More muscle, more money needed for Whitehall's bulwark against failing IT projects

More muscle, more money needed for Whitehall's bulwark against failing IT projects

Summary: The Major Projects Authority, set up to put an end to the UK public sector's history of IT schemes running over budget and behind schedule, needs beefing up, according to parliament's spending watchdog.

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The agency set up to stop public sector projects coming off the rails, established in the wake of a number of high-profile IT failures, needs more cash and more muscle, parliament's spending watchdog reckons.

The Major Projects Authority (MPA) was set up in 2011 to oversee large-scale government projects and intervene if the schemes are running into difficulties — and  now manages 200 projects worth £376bn.  Among the IT projects to come under its scrutiny were the National Programme for IT, the decade-long £12.7bn overhaul of NHS IT, and contracts relating to the Home Office's e-Borders scheme.

Westminster
The Major Projects Authority, set up to put an end to the UK public sector's history of IT schemes running over budget and behind schedule, needs beefing up, according to parliament's spending watchdog.

The MPA needs greater powers to keep government departments in line — and potentially more funding too — if it's to successfully fulfil its remit of keeping big projects on track, the Public Accounts Committee (PAC) believes.

The MPA "has much more work but far fewer resources than the part of the Office of Government Commerce it replaced... With a budget of £6m and a 40-percent cut in staffing there are inevitably questions over whether it can achieve the improvements intended", the PAC said in report published on Tuesday.

With a limited budget and resources, the MPA can only tackle the biggest and riskiest projects, meaning that smaller schemes will receive little attention, according to the report. The MPA "prioritised its workload based on those projects which were considered to be high risk, high value, and with the potential for high reputational damage if they go wrong... [The MPA recognised] there was a danger that it could miss problems which might arise in smaller projects," the PAC said.

As a result, the watchdog advised taking another looking at bolstering the MPA's coffers. "The Authority and HM Treasury should quantify the return on investment from the Authority's work to identify whether further investment would benefit the taxpayer," the report's authors said.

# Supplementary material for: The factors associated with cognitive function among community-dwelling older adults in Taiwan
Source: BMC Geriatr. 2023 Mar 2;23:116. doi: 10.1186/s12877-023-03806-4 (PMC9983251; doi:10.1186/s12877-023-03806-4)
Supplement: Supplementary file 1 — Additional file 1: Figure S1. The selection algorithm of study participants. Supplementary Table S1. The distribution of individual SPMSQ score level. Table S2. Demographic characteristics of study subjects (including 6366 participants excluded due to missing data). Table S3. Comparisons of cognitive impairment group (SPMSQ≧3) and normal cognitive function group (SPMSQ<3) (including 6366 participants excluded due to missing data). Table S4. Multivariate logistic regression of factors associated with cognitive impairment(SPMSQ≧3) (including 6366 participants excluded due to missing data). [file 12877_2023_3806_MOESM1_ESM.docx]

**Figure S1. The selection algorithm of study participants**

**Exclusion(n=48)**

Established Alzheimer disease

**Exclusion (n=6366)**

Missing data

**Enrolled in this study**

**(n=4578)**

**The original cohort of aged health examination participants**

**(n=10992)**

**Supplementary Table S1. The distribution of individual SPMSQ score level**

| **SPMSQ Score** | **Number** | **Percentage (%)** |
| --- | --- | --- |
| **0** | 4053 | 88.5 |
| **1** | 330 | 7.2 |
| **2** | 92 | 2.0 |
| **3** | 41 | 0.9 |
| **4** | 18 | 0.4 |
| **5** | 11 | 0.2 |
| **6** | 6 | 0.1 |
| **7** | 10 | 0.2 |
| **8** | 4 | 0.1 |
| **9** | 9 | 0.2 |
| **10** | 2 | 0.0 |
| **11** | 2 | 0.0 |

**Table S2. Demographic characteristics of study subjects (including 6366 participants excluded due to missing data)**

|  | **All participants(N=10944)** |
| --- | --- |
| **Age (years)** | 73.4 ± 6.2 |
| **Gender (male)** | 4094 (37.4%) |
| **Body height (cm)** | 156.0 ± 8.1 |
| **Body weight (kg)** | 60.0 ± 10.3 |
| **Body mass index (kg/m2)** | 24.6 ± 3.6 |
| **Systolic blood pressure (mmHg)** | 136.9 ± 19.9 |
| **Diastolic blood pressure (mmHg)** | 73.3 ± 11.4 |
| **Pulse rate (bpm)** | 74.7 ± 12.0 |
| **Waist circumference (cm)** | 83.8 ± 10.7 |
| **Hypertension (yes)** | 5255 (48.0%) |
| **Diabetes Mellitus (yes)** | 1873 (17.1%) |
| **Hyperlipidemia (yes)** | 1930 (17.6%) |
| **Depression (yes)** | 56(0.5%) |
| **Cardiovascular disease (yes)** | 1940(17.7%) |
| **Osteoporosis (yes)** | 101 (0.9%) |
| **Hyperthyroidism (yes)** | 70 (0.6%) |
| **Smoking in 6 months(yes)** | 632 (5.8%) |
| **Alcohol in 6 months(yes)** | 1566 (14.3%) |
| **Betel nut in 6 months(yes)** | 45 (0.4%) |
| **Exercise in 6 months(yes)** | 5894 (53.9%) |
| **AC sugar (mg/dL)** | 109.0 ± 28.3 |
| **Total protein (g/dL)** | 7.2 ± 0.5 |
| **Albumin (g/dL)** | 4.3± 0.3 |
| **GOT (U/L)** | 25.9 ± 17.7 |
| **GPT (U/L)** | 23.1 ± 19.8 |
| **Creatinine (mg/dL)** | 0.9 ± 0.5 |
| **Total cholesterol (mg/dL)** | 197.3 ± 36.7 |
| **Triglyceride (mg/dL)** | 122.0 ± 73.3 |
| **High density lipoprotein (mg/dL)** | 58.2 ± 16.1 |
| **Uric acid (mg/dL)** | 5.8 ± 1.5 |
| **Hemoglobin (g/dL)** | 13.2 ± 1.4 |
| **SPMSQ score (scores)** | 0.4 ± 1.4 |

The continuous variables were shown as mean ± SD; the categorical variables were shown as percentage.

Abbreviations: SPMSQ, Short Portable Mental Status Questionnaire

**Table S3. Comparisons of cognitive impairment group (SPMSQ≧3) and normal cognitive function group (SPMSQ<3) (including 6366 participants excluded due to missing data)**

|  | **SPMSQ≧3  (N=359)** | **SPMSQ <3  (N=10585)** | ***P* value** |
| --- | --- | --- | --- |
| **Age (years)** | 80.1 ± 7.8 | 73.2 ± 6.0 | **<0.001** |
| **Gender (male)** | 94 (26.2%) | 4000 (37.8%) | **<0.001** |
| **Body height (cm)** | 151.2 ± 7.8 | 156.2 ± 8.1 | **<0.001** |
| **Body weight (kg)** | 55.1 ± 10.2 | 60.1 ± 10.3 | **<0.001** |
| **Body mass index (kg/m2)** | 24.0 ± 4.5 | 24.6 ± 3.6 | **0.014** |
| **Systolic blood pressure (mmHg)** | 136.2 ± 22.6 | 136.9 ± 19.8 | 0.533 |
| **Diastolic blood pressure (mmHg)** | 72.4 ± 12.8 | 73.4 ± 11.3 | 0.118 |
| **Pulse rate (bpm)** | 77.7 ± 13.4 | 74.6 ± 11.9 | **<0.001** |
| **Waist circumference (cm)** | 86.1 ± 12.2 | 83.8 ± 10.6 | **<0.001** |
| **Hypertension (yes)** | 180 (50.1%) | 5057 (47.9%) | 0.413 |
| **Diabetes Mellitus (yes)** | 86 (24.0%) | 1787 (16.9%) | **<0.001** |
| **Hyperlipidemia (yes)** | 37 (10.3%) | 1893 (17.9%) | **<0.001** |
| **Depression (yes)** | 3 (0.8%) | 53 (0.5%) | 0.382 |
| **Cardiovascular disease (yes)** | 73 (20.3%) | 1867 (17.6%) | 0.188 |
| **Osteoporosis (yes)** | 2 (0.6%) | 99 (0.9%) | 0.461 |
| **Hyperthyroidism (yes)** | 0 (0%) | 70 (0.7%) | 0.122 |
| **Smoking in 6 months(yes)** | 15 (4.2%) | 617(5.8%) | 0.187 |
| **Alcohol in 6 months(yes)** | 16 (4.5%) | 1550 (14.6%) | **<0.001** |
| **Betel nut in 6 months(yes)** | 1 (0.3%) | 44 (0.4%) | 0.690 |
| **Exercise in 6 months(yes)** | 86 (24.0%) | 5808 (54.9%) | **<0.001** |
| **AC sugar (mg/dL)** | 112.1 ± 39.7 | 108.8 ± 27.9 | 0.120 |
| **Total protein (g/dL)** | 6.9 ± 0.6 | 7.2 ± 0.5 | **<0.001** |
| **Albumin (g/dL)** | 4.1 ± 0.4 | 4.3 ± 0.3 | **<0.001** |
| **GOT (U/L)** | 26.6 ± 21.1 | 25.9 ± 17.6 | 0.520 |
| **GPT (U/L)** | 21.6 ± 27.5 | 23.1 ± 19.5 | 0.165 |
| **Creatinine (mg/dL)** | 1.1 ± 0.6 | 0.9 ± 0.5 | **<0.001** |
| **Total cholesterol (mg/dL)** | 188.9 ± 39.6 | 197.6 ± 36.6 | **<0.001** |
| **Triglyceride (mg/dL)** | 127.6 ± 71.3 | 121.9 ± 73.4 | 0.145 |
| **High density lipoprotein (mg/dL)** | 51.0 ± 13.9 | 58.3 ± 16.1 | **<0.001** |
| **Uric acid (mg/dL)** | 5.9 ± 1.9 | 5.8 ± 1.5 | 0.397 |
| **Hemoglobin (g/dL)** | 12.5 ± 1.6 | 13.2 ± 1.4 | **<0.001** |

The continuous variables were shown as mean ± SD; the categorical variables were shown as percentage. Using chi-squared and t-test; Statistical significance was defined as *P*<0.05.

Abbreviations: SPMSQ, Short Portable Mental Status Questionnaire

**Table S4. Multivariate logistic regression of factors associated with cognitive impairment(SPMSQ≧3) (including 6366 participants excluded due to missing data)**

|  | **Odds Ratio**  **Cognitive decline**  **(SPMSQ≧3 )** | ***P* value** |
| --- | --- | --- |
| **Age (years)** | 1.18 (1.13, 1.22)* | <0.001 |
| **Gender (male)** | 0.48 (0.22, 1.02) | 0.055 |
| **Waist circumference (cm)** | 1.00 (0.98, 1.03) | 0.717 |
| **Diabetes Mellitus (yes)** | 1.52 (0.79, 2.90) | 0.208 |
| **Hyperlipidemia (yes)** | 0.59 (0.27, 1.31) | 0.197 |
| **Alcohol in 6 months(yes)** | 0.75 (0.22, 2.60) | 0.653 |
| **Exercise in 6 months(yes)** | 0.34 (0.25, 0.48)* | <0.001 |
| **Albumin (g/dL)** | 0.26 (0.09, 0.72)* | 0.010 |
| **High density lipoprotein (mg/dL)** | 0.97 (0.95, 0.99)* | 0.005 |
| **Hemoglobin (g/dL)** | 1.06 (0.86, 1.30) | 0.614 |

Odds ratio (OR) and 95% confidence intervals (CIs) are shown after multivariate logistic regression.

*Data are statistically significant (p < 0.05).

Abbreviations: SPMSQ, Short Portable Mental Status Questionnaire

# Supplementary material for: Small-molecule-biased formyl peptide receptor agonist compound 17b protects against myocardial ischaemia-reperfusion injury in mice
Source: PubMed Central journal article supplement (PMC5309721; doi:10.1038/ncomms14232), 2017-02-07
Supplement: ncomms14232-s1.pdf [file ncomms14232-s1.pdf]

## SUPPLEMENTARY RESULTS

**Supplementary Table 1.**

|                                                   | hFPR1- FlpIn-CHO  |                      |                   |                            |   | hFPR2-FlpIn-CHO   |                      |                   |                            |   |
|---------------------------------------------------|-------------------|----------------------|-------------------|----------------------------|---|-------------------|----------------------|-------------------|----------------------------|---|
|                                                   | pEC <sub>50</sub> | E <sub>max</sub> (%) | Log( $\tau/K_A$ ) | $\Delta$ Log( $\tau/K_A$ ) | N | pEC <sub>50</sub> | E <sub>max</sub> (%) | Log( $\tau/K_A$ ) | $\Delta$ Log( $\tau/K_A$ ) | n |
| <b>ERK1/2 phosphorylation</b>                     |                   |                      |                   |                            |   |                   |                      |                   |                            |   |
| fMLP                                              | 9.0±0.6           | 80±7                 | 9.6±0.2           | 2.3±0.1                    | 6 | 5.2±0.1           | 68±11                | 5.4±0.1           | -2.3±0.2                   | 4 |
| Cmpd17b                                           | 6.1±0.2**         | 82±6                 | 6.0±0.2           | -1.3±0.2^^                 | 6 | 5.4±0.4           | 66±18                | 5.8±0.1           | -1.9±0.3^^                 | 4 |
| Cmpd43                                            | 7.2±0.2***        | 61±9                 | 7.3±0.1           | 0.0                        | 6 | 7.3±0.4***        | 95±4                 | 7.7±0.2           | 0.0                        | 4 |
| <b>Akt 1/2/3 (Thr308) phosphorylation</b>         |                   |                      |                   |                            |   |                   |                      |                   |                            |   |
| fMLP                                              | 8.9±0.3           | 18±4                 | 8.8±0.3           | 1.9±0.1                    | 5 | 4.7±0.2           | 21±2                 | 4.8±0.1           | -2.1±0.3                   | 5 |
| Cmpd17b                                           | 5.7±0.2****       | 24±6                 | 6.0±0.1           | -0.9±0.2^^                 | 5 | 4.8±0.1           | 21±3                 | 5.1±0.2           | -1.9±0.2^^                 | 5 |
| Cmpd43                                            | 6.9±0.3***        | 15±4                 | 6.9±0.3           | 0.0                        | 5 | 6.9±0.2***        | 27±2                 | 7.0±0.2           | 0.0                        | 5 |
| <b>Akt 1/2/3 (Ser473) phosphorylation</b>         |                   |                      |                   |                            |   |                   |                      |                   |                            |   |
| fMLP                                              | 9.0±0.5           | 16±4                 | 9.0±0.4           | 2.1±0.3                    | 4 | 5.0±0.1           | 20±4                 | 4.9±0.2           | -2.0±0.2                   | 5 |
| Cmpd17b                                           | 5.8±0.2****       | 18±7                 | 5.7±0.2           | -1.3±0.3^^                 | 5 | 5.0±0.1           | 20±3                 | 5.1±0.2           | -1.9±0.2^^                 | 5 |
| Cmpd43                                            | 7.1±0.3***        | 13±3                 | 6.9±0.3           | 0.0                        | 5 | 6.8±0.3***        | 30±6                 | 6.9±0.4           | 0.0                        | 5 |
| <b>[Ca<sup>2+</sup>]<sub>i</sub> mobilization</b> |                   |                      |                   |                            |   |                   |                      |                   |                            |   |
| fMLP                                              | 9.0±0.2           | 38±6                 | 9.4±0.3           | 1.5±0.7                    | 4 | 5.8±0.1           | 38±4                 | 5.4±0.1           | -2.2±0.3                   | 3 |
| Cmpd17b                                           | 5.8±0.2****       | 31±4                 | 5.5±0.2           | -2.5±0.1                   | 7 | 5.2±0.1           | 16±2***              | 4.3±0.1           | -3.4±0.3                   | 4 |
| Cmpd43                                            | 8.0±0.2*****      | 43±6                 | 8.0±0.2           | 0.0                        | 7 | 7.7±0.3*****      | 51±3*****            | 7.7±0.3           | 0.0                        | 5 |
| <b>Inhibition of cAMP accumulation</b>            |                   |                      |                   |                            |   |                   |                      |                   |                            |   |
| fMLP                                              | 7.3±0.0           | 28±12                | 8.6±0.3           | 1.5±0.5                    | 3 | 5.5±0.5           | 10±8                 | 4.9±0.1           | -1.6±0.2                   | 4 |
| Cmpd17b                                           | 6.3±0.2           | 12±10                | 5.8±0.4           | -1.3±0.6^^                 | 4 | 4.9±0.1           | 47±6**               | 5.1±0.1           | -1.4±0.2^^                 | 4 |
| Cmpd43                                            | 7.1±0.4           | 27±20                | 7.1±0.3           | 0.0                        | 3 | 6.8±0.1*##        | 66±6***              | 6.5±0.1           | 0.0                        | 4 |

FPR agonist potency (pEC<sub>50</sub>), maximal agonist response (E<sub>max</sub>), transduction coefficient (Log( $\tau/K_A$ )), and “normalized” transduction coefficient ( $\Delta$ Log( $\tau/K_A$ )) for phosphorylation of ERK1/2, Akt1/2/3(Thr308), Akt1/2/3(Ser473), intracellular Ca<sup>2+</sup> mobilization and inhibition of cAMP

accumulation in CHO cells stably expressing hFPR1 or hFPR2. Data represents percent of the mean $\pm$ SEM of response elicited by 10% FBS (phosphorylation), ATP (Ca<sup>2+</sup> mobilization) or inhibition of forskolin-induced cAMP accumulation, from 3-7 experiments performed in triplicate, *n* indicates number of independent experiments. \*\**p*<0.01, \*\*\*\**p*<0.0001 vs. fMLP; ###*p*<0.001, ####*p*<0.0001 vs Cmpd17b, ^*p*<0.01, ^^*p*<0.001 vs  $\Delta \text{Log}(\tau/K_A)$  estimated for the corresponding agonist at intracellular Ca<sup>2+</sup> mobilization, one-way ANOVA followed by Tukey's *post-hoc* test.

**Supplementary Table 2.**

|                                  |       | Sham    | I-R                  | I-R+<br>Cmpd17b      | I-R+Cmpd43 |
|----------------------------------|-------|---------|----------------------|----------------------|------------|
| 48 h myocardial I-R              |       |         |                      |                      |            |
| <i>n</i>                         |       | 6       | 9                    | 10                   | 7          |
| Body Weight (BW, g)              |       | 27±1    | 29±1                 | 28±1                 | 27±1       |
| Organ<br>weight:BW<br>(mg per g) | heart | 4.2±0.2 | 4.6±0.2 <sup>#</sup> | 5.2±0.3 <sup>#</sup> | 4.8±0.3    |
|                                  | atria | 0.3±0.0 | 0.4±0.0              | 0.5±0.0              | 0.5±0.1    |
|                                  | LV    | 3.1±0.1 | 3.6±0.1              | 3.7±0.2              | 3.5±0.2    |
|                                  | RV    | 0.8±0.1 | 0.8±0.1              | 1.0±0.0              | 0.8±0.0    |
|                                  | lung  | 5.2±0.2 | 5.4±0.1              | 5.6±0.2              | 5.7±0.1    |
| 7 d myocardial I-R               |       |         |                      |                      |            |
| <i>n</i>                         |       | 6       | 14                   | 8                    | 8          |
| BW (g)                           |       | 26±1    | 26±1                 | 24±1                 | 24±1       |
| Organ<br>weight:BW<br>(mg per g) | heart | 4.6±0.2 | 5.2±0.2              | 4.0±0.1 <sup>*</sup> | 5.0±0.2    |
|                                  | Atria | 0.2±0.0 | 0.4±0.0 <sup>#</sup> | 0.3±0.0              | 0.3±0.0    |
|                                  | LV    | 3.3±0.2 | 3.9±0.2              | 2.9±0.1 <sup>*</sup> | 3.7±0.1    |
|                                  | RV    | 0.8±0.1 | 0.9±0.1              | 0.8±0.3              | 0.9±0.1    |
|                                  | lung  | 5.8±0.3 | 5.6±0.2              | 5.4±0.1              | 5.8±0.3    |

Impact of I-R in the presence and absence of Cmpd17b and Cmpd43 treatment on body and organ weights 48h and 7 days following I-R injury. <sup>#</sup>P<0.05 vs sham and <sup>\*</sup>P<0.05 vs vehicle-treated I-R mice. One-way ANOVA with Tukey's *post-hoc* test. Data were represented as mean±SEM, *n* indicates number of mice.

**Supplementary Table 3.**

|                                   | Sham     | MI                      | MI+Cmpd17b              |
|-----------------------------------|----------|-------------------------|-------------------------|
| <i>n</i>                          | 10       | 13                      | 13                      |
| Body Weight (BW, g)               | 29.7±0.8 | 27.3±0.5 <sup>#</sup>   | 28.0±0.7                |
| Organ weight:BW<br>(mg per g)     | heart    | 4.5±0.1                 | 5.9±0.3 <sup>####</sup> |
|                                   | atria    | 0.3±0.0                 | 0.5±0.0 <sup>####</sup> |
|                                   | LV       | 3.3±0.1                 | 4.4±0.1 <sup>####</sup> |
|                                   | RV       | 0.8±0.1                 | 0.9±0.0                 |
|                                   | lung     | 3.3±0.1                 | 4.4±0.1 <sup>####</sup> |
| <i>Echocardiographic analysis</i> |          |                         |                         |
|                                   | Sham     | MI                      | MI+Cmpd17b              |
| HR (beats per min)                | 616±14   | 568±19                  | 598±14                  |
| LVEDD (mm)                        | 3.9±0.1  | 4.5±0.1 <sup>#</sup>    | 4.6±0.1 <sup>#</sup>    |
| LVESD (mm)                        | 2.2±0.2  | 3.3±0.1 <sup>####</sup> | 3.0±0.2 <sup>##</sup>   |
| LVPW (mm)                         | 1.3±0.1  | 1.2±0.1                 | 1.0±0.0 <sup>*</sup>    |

More muscle

The PAC also warned that the government should give the agency more muscle to help prevent more project failures.

"The authority does not have the power to stop or reset projects which are going off track and too many projects continue for too long before action is taken," it said.

"The authority’s reviews should clearly set out whether the project should continue, be stopped or reset, and HM Treasury should ensure the recommendation is adhered to," the report added.

"With a sharply cut workforce and a budget of just £6m a year to oversee over 200 projects with a value of £376bn, the agency cannot achieve what it was set up to do" — Margaret Hodge MP

The PAC highlighted that not all government departments are following the arrangements supported out by the MPA to ensure large projects go according to plan. Departments should make sure that sticking to the arrangements is part of the responsibilities of those running the project, the PAC said.

According to the MPA's own stats, only one-third of big public-sector projects are delivered on time and on budget.

Margaret Hodge MP, chair of the PAC, said that the committee "has long been concerned that government too often turns a blind eye to warning signs of impending failure of its major projects".

"With a sharply cut workforce and a budget of just £6m a year to oversee over 200 projects with a value of £376bn, the agency cannot achieve what it was set up to do. It has to focus on only the biggest and most risky projects. Even then, it has to rely on the individual departments to play their part. Over a third of departments have been slow to adopt a new assurance system," she added.

Topics: Government UK, United Kingdom

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